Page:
In my last post, I ended with this thought: “This final image in Revelation is not of God’s people escaping the world floating on clouds. It is of a City with God himself at the center, we as his worshipping, resurrected family, and a glorious renewed earth. If this is our future, what does that mean for the present?”
The Christian hope in the resurrection and the Kingdom stands in stark contrast to the typical escapist images of life in heaven for eternity. We will inherit a “limitless” body, a bustling City, and creative, fulfilling, beautiful work without the curse that makes our work now often so frustrating. These are powerful, challenging images, but they beg the question: “how do we live now if that is our destiny?”
This is not a new question. The New Testament was written primarily to small communities who were trying to make sense of how to live in a confusing, changing world. They had the same questions we do. Why is there so much suffering? How should we respond to evil in the world? How can we live in the world, but not be of it? How can we see people come to faith in Jesus? What does the future hold and when will Jesus return?
The apostolic writers directed these communities back to the heart of Jesus’ message of Kingdom come. They envisioned small groups of people singularly committed to the Way of Jesus. In these groups, there was at the same time an incredible challenge to the self-righteous and an incredible invitation to the broken. The lavish, unfathomable love of God destroys religious achievement and blazes the trail for even the worst sinner to experience the riches of the Kingdom.
Dallas Willard describes what this will look like in practice: “We should, first of all, find ourselves constantly growing in our readiness and ability to draw our direction, strength, and overall tone of life from the everlasting kingdom, from our personal interactions with the Trinitarian personality who is God. This will mean, most importantly, the transformation of our heart and character into the family likeness, increasingly becoming like “children of our Father, the one in the heavens (Matt 5:45).” – The Divine Conspiracy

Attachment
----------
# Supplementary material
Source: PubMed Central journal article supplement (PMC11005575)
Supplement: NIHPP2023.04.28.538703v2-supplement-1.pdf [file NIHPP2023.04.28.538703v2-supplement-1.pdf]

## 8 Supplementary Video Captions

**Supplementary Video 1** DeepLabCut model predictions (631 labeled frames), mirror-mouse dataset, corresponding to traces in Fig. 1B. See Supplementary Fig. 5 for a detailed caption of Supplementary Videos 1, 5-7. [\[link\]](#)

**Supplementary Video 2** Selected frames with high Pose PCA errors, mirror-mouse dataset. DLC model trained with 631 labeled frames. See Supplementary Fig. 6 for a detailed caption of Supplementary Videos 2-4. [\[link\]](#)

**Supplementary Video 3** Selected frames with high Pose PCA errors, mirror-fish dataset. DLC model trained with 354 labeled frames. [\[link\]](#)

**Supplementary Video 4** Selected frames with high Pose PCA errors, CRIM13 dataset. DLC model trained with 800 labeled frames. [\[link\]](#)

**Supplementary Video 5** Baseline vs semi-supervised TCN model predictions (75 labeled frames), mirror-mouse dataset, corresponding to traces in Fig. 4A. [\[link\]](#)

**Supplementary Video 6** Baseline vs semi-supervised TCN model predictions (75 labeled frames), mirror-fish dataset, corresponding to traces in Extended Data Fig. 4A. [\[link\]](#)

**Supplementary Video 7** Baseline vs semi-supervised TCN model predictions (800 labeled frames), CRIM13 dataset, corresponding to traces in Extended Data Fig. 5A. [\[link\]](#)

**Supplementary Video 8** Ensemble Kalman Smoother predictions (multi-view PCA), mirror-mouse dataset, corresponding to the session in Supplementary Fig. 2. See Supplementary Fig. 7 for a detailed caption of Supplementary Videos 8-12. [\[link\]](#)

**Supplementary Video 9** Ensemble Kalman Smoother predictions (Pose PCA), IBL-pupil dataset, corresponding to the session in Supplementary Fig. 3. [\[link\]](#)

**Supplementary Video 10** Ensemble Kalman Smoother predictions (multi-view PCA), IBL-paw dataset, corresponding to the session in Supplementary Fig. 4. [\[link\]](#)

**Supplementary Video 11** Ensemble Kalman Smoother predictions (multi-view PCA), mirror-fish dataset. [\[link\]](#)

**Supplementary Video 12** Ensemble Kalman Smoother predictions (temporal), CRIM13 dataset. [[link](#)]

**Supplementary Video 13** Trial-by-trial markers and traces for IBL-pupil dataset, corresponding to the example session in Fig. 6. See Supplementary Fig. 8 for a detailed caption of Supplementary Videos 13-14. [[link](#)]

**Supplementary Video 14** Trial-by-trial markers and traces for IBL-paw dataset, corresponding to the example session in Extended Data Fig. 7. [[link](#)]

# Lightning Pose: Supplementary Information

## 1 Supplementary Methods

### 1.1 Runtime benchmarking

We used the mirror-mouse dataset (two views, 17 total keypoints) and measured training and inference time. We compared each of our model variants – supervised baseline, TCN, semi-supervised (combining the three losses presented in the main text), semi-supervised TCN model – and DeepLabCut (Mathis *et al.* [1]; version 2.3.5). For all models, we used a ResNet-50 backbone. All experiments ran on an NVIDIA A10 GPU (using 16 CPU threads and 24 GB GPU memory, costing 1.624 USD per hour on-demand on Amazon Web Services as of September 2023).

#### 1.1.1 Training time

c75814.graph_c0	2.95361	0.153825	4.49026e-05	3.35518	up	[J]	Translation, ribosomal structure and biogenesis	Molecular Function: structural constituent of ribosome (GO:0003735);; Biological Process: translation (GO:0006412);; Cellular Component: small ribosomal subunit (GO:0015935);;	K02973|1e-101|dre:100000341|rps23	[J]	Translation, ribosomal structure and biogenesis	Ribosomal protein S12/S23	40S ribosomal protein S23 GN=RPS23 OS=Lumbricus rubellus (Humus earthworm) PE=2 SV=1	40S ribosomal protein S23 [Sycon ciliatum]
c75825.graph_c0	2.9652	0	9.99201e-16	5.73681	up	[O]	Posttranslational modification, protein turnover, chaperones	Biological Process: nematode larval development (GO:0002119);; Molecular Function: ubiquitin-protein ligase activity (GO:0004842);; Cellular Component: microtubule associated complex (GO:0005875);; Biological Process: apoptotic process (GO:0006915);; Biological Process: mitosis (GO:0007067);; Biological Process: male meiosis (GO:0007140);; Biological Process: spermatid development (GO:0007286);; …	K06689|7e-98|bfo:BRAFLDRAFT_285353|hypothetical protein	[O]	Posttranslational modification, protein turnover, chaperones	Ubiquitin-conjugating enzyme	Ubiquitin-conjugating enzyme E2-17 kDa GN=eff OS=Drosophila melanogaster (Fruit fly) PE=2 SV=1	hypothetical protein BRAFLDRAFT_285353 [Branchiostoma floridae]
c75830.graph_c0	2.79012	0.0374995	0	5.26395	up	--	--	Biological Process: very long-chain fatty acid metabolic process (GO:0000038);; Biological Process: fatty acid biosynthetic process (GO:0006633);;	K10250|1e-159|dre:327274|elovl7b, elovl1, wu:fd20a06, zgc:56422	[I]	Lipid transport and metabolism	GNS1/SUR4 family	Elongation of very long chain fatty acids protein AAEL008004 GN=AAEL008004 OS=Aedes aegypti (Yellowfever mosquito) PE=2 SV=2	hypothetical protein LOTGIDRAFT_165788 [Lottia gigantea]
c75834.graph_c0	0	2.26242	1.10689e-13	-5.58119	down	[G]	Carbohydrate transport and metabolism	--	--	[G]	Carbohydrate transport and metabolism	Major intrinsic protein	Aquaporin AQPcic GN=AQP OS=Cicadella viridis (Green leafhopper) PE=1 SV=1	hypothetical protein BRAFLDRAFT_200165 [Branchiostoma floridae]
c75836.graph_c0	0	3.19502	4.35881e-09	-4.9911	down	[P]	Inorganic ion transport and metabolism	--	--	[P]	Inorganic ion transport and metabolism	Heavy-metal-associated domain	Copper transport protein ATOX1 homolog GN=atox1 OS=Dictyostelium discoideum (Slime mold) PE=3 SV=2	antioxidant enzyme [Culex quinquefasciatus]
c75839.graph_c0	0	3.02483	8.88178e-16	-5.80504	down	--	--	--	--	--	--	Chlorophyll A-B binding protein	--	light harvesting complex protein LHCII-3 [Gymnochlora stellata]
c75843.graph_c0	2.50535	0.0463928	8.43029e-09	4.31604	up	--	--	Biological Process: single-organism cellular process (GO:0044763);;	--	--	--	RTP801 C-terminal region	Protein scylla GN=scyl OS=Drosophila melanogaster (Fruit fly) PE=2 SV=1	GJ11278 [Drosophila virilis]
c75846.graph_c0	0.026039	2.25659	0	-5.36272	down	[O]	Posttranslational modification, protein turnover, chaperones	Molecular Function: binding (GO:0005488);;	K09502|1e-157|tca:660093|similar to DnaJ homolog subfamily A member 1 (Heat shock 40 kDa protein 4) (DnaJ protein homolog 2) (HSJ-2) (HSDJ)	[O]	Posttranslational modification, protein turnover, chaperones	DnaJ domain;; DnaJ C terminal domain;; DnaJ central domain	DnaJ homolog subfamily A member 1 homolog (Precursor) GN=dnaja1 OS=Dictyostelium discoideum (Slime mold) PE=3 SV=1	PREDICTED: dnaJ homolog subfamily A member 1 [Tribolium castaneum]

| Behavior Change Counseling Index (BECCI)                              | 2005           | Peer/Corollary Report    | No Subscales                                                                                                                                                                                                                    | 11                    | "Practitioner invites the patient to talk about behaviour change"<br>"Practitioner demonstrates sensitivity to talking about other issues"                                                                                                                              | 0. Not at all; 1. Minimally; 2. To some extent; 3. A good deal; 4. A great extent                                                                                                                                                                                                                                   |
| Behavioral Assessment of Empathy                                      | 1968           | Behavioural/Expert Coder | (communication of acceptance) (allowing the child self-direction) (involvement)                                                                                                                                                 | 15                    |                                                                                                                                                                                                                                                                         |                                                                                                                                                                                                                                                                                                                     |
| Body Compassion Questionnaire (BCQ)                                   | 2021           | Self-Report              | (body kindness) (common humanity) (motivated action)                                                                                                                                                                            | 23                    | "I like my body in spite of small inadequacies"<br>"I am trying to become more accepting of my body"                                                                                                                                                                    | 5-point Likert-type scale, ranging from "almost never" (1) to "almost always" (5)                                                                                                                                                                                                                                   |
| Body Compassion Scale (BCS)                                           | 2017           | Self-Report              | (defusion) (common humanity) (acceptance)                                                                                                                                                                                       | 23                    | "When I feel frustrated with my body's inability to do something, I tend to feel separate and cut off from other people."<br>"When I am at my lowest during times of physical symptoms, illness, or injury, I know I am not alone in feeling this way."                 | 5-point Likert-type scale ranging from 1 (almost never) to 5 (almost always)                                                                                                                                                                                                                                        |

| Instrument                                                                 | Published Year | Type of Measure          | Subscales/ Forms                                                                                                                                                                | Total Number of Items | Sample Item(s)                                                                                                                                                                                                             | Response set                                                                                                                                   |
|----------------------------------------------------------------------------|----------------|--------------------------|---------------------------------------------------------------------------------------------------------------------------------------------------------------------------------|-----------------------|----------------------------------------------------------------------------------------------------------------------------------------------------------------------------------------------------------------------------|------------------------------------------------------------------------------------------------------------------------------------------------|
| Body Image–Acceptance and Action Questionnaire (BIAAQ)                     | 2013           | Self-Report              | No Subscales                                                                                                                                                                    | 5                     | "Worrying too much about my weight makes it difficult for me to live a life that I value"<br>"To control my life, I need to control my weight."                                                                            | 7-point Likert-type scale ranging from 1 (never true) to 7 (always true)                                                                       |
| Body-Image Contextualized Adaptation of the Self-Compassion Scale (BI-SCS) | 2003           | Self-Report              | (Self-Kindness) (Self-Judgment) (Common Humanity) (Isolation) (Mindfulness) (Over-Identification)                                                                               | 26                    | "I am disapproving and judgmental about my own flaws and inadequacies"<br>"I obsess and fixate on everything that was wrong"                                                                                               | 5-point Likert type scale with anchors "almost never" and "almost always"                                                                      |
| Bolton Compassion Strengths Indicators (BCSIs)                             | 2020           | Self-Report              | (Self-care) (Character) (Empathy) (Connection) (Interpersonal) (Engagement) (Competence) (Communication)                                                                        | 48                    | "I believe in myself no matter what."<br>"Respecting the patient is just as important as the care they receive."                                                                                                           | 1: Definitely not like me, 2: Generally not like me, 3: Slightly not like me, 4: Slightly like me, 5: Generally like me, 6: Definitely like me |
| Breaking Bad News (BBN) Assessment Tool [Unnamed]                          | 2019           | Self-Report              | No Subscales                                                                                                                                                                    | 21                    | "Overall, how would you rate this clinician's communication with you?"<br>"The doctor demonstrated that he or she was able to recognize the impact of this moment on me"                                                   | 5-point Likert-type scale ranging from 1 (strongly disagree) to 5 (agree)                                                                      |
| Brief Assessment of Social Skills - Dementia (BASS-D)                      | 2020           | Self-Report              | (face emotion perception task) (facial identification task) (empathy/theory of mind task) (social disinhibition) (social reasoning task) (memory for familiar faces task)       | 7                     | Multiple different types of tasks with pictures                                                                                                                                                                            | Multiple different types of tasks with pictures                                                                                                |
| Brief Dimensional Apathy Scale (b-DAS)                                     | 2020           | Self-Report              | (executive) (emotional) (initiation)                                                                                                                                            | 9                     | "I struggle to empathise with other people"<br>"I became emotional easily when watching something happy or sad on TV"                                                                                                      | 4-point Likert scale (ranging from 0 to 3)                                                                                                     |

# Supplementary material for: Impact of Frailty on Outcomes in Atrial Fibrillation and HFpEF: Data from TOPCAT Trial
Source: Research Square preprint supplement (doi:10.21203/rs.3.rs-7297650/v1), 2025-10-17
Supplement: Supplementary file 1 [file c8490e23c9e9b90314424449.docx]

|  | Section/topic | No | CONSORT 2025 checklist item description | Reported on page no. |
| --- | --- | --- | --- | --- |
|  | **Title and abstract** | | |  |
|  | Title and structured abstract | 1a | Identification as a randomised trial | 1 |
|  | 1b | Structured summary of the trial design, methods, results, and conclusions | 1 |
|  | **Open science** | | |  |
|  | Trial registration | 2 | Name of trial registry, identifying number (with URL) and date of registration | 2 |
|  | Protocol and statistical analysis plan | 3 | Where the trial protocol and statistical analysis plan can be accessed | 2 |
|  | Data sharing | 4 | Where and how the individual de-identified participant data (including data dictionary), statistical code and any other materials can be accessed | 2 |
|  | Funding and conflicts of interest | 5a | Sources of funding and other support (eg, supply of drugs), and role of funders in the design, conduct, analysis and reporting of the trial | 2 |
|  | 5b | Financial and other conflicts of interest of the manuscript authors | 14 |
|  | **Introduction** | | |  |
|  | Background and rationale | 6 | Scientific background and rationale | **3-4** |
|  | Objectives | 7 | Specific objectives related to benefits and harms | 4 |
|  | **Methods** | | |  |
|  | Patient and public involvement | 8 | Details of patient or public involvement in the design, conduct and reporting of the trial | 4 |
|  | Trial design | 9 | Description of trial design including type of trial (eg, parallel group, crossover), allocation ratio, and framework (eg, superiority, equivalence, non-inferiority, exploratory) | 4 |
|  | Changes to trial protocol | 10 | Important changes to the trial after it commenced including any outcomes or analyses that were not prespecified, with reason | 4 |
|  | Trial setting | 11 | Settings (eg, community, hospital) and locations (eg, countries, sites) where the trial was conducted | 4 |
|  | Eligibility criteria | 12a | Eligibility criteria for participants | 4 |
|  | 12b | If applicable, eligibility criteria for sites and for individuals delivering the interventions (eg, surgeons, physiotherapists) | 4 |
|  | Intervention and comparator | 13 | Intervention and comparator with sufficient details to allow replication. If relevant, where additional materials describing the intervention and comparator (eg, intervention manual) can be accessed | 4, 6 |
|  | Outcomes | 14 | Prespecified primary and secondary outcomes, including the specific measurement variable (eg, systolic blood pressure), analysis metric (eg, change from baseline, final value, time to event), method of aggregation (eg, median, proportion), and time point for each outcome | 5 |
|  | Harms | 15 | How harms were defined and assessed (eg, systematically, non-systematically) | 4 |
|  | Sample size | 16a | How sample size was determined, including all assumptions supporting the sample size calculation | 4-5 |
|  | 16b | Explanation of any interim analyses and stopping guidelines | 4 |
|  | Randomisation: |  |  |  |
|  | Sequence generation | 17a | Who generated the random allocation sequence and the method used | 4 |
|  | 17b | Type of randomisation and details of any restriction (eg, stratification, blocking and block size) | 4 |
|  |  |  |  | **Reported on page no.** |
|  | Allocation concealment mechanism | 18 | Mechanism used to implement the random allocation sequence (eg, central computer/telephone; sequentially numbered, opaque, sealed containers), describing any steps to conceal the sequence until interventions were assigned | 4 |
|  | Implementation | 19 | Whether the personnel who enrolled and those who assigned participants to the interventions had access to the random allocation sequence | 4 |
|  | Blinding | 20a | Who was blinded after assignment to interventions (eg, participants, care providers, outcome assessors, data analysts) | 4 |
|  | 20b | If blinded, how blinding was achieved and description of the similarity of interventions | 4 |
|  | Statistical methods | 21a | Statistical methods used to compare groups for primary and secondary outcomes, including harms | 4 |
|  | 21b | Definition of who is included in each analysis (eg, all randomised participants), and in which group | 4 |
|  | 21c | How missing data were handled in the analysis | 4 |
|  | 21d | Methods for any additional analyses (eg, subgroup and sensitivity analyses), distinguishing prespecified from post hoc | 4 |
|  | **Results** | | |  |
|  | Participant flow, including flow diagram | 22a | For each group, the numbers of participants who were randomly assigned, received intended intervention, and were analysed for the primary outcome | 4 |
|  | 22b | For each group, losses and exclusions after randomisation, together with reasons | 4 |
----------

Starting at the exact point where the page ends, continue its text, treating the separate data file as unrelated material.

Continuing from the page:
Yet it is still tempting to slip back into a vision of our future that only values individual decisions. Transformation is wonderful, but are you choosing an eternity in heaven or hell? This, of course, gets right to the heart of the matter. What is salvation for? Why are we being saved? What is the ultimate purpose of salvation? Is it just to avoid hell?
This is where our friend Tom Wright spells it out clearly: “As long as we see salvation in terms of going to heaven when we die, the main work of the church is bound to be seen in terms of saving souls for that future. But when we see salvation, as the NT sees it, in terms of God’s promised new heavens and new earth and of our promised resurrection to share in that new and gloriously embodied reality – what I have called life after life after death – then the main work of the church here and now demands to be rethought in consequence.” – Surprised by Hope
So we are being saved to participate in something much larger than ourselves and certainly something greater than to just avoid punishment. We are, in the words of Willard, training for reigning. So our life and work now as the church takes on new meaning. We are hope-filled, joyous, peaceful, excited, wonderfully creative, and constantly aware of the power we live by. It is important to say that we do not build God’s Kingdom. As Wright says, we build for God’s Kingdom.
Returning to my question above, in light of our future, how should we live now? To begin, I think we need to revise our expectations. If your vision of the future amounts to hell-avoidance, then your expectations for the present will be very limited. At best, you will hope to convince a few of your family and friends to say the sinners prayer before you go to be with Jesus. But if your vision is of a new heavens and earth brimming with hope and resurrection power, you will want to see that manifest in the present as much as possible. You will expect God to act in a way that is consistent with that future. And you will want to join in on the fun however you can.